Well, since you brought up fasting, I may as well share the fasting rule of the Orthodox Church.
We're supposed to observe a strict fast every Wednesday and Friday (unless otherwise directed). This includes no meat, fish, eggs, dairy products,
olive oil, and wine/alcoholic beverages.
When taking weekly communion, we consume no food or drink after midnight of the day we plan to commune. After communion, we break the fast.
The week before Great Lent is called Cheesfare Week, where we give up all animal products. The strictest form of the fast (most lay people don't
adhere to this the first week) is that during the first five days of Great Lent there are only two meals (after Presanctified Liturgy on Wednesday and
Friday). However, beginning on that Saturday (as in all weekends during the fast), one can add wine and oil to their diet. Otherwise, from weeks two
through six, a regular strict fast is kept, which means no meat, fish, eggs, dairy products, oil, and wine/alcoholic beverages. During Holy Week, on
Holy Thursday, people will eat their last meal until Pascha (Easter). Holy Friday is the strictest fast day of the year, and we're encouraged not to
eat at all that day, if we can manage. On Holy Saturday, you can have a very light snack after the Liturgy of St. Basil that morning if you
absolutely have to eat. However, you eat and drink nothing until after Pascha.
The Dormition Fast is also a strict fast. However, the Apostles' Fast and the Nativity Fast- you're allowed to have wine, oil, and fish way more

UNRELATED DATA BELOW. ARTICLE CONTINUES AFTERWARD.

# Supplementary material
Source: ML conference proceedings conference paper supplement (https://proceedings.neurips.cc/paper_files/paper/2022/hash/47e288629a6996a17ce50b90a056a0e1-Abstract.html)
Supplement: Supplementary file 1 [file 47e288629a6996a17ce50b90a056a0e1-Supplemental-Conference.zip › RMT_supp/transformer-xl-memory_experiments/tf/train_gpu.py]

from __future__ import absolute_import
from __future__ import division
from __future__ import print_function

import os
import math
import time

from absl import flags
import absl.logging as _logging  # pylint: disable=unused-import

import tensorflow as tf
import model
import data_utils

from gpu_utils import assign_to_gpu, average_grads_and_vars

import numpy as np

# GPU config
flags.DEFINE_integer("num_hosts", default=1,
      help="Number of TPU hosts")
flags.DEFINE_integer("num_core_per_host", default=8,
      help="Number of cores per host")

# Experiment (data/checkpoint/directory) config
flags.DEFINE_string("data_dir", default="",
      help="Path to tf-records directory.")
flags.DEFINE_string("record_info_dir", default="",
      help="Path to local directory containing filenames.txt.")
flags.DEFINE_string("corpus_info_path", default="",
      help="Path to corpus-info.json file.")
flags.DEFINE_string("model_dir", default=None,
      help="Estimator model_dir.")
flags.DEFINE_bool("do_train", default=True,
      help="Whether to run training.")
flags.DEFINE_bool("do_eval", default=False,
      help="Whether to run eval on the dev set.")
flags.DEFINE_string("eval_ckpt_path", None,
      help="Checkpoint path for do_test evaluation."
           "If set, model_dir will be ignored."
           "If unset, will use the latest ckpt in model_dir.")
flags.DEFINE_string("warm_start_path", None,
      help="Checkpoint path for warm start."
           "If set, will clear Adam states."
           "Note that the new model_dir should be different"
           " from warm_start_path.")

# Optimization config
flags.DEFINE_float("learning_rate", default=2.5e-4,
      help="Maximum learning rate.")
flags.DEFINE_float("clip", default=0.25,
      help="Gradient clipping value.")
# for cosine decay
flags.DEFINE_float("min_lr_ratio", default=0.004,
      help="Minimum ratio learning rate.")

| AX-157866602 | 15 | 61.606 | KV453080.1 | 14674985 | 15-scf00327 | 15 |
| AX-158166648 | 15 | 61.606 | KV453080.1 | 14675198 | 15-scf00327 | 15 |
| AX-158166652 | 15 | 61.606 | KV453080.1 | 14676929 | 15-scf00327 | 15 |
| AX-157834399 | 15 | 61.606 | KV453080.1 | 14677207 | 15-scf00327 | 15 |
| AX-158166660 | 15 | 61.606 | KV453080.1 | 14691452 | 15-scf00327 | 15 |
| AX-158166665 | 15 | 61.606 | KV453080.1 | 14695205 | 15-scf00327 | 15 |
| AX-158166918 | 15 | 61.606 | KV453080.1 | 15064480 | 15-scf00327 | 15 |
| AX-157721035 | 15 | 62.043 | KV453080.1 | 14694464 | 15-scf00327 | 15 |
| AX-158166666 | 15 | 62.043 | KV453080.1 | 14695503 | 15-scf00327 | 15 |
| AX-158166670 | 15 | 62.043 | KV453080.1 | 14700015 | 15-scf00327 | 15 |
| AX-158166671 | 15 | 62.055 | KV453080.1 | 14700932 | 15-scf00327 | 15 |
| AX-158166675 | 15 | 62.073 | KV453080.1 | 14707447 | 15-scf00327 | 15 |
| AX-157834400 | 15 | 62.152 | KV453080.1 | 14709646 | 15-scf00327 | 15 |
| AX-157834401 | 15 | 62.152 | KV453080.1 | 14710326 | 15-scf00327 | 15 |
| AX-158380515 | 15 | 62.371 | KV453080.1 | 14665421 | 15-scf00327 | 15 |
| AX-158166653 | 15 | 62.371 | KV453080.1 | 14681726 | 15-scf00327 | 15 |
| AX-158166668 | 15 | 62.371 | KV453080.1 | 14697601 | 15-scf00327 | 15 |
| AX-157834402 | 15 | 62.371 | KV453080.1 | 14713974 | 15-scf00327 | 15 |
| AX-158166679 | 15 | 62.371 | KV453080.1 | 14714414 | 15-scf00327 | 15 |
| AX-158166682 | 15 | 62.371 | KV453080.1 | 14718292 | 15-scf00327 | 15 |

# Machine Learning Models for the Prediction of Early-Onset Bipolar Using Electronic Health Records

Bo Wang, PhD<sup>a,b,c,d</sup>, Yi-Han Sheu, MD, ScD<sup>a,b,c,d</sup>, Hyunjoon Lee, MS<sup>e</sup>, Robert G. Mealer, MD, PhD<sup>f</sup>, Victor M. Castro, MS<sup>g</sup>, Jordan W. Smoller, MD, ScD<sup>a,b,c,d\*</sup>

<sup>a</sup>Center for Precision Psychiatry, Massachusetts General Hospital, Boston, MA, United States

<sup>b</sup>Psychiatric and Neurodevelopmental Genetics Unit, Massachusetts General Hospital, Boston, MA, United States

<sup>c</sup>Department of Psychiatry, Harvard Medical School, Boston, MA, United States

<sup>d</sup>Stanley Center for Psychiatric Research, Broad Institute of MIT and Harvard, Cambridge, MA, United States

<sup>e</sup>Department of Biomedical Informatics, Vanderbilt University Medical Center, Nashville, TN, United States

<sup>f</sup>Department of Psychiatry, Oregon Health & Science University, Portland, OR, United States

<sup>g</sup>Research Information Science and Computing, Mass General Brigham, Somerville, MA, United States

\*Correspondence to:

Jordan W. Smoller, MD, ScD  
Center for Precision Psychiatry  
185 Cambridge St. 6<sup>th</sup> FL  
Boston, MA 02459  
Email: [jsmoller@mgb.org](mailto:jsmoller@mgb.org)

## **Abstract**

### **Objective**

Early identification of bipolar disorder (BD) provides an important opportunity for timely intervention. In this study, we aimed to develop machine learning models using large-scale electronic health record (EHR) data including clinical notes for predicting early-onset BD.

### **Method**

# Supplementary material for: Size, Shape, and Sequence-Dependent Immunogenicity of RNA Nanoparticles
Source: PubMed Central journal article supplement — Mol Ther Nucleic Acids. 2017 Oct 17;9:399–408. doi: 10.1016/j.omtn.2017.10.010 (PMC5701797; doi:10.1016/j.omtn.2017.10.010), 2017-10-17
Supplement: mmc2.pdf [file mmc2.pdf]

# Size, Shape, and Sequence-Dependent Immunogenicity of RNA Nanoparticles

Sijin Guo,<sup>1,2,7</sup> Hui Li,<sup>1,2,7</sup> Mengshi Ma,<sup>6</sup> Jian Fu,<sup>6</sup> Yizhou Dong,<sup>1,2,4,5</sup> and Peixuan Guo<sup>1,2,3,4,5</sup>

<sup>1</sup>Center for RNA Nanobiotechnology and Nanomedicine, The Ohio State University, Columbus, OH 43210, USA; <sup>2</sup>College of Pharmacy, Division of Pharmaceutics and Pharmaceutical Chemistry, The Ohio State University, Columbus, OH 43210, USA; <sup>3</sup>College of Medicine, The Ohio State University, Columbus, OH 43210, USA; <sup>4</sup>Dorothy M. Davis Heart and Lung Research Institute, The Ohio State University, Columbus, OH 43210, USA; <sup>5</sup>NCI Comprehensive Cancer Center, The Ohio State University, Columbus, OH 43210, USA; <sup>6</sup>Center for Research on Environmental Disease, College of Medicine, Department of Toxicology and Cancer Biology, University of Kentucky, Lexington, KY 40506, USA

often. Also, during the fasts, there is a concept called marital fasting, but many have difficulty doing this and only fast in this manner before
receiving weekly communion and during Holy Week.
The great thing about fasts is that they're followed by feasts.
St Symeon the New Theologian:
'Let each one of us keep in mind the benefit of fasting... For this healer of our souls is effective, in the case of one to quieten the fevers and
impulses of the flesh, in another to assuage bad temper, in yet another to drive away sleep, in another to stir up zeal, and in yet another to restore
purity of mind and to set him free from evil thoughts. In one it will control his unbridled tongue and, as it were by a bit, restrain it by the fear
of God and prevent it from uttering idle and corrupt words. In another it will invisibly guard his eyes and fix them on high instead of allowing them
to roam hither and thither, and thus cause him to look on himself and teach him to be mindful of his own faults and shortcomings. Fasting gradually
disperses and drives away spiritual darkness and the veil of sin that lies on the soul, just as the sun dispels the mist. Fasting enables us
spiritually to see that spiritual air in which Christ, the Sun who knows no setting, does not rise, but shines without ceasing. Fasting, aided by
vigil, penetrates and softens hardness of heart. Where once were the vapors of drunkenness it causes fountains of compunction to spring forth. I
beseech you, brethren, let each of us strive that this may happen in us! Once this happens we shall readily, with God's help, cleave through the
whole sea of passions and pass through the waves of the temptations inflicted by the cruel tyrant, and so come to anchor in the port of
'My brethren, it is not possible for these things to come about in one day or one week! They will take much time, labor, and pain, in accordance
with each man's attitude and willingness, according to the measure of faith and one's contempt for the objects of sight and thought. In addition, it
is also in accordance with the fervor of his ceaseless penitence and its constant working in the secret chamber of his heart that this is accomplished
more quickly or more slowly by the gift and grace of God. But without fasting no one was ever able to achieve any of these virtues or any others, for
fasting is the beginning and foundation of every spiritual activity'.
— Symeon the New Theologian: the Discourses, pub. Paulist Press. pp. 168-169.